How Arsenal’s corners became a key weapon in their Premier League title challenge

Looking at the goals scored per 100 set pieces for the 2024-24 Premier League — which creates a fair and level playing field across the division, as one of the 20 clubs might have more set-piece opportunities than another — Arsenal’s rate of 7.1 is second only to Everton (8.3).

Arsenal have undoubtedly been the set-piece masters between the three teams at the top of the league table this season, but by excluding the second phase things become trickier for Arteta and company who, based on Jover’s recommendation, decide that all of their attempts in their mini-game will be corners.

Liverpool: counter-attacks

At a time in football when most teams in the world want to control games by holding onto the ball and lessening the probability of triggering counter-attacks, Liverpool have decided to revert to their transitional nature and encourage end-to-end matches.

It is a double-edged sword, because as Guardiola has said before, “If you make your attack quick, they will attack quicker.”


And looking at the number of direct attacks — which are defined as possessions which start in a team’s own territory and result in either a shot or a touch inside the opposition penalty area within 15 seconds — Liverpool have conceded this season, their rate of 3.3 per game is indeed second-most in the Premier League. In that sense, they are vulnerable.

But when you consider the profile of this set of Liverpool players, it’s a risk worth taking; Virgil van Dijk’s ability to defend space, the pace of Ibrahima Konate and goalkeeper Alisson’s ability in one-v-one situations are important attributes when defending transitions.

In a washing machine of a football match, you would definitely put your money on the men from Anfield. The pace and dribbling ability of Mohamed Salah, Darwin Nunez, Diogo Jota and Luis Diaz make Liverpool the ultimate threat when they have won the ball back and are attacking space.

(Julian Finney/Getty Images)

Their rate of 4.3 direct attacks per 90 minutes in the Premier League this season is the club’s highest since 2018-19.

So it is no surprise that in our hypothetical tie-breaker, Liverpool have chosen their 10 attempts to be counter-attacking situations — trying to create numerous attacking transitions has been the bread and butter of this version of Klopp’s side.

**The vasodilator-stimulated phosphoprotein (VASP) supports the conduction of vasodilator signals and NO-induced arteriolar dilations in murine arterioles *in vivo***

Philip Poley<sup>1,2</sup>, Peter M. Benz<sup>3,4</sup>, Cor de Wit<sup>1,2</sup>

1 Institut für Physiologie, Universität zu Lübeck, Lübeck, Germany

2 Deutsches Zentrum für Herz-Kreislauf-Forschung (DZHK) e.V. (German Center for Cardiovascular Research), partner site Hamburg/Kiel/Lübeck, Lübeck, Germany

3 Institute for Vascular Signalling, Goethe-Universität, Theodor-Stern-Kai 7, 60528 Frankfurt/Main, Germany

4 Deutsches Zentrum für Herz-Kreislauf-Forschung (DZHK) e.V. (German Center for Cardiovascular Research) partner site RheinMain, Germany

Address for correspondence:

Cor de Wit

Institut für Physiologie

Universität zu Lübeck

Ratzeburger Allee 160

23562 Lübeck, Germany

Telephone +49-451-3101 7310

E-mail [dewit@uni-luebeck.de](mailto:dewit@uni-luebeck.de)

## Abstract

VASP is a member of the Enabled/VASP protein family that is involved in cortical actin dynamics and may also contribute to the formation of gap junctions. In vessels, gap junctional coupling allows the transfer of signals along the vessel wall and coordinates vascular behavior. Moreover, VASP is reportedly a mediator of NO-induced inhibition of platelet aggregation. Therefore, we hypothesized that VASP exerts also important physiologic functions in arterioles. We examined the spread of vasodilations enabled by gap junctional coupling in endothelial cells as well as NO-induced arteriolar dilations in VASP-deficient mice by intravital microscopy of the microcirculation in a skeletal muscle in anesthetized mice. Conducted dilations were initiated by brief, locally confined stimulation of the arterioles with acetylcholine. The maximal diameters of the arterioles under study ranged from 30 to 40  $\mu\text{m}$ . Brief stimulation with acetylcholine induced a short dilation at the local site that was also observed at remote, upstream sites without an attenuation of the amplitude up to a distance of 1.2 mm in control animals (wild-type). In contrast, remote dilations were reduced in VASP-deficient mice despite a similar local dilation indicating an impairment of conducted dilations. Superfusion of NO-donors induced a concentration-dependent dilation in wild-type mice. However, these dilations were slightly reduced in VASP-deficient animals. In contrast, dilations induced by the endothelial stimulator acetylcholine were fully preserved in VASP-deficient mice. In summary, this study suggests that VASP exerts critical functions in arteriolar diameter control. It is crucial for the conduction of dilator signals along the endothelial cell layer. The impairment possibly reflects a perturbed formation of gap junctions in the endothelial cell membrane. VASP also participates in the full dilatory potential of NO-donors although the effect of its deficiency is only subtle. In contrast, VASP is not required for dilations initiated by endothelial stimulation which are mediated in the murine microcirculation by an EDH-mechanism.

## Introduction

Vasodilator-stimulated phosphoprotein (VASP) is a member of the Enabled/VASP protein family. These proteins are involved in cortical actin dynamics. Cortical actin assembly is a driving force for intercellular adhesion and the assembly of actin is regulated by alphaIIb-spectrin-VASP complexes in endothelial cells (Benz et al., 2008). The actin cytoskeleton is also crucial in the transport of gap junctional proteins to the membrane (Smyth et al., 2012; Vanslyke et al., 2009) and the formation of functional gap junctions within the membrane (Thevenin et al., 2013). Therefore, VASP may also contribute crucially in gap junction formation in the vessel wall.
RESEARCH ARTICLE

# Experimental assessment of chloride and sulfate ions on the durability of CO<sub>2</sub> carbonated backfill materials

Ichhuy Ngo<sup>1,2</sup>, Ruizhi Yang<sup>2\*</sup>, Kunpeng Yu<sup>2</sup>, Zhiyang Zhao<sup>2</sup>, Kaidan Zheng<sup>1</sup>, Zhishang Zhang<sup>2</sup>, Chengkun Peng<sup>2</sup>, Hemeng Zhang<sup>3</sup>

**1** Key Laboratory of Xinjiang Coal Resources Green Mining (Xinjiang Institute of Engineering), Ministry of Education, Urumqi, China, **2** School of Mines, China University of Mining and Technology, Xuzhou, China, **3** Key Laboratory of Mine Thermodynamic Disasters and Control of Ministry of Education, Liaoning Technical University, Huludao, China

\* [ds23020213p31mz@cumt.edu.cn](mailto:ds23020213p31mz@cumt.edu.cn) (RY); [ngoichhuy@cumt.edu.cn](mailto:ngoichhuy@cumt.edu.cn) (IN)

It’s what they do best, and in this tie-breaker scenario, it gives them a shot at winning a second league title under the German.


Heavy-metal football is back: How Liverpool learned to embrace transitions again

Manchester City: final-third attacks

Death, taxes and City breaking down a defensive block — the certainties in life.

In our hypothetical attack-vs-defence situation, City don’t have to worry about conceding chances on the transition, but that doesn’t mean that they will be going in all guns blazing, because they will need to maintain possession until the perfect moment arrives and they can find a gap in the opponent’s defensive set-up.


The questions facing Guardiola and his staff will be mainly about who is going to feature in City’s team: is it going to be Jeremy Doku with his directness and dribbling ability or Jack Grealish to provide control and a greater chance of retaining possession? Surely, Bernardo Silva and Kevin De Bruyne are going to start as the No 10s to provide the perfect mix of patience, know-how and unpredictability.

(Michael Regan/Getty Images)

However, Guardiola has reminded us on many occasions that his choices — players or tactics — also depend on how the opponent sets up. “The people say, ‘How you want to play?’ Tell me how is the opponent going to defend me, or attack me,” said the City manager last season.

Whether it’s by creating an overload in the last line of attack, utilising the runs of John Stones and Rodri to disrupt the opponent’s defensive shape, or attacking in a lopsided manner, City have multiple solutions in the final third — and that’s not even accounting for a moment of individual brilliance from Phil Foden, Erling Haaland or De Bruyne.

Of course, phases of play in football aren’t siloed off — how you set up in possession affects your out-of-possession thinking. But watching these three finely-balanced clubs try to dominate the others in their preferred in-game scenario would be highly entertaining, and a much more exciting way of ending a closely-fought season than the mundanity of head-to-head records.

Only one question remains: which of them would come out on top?


The Premier League title race: Every fixture analysed

(Top photos: Getty Images)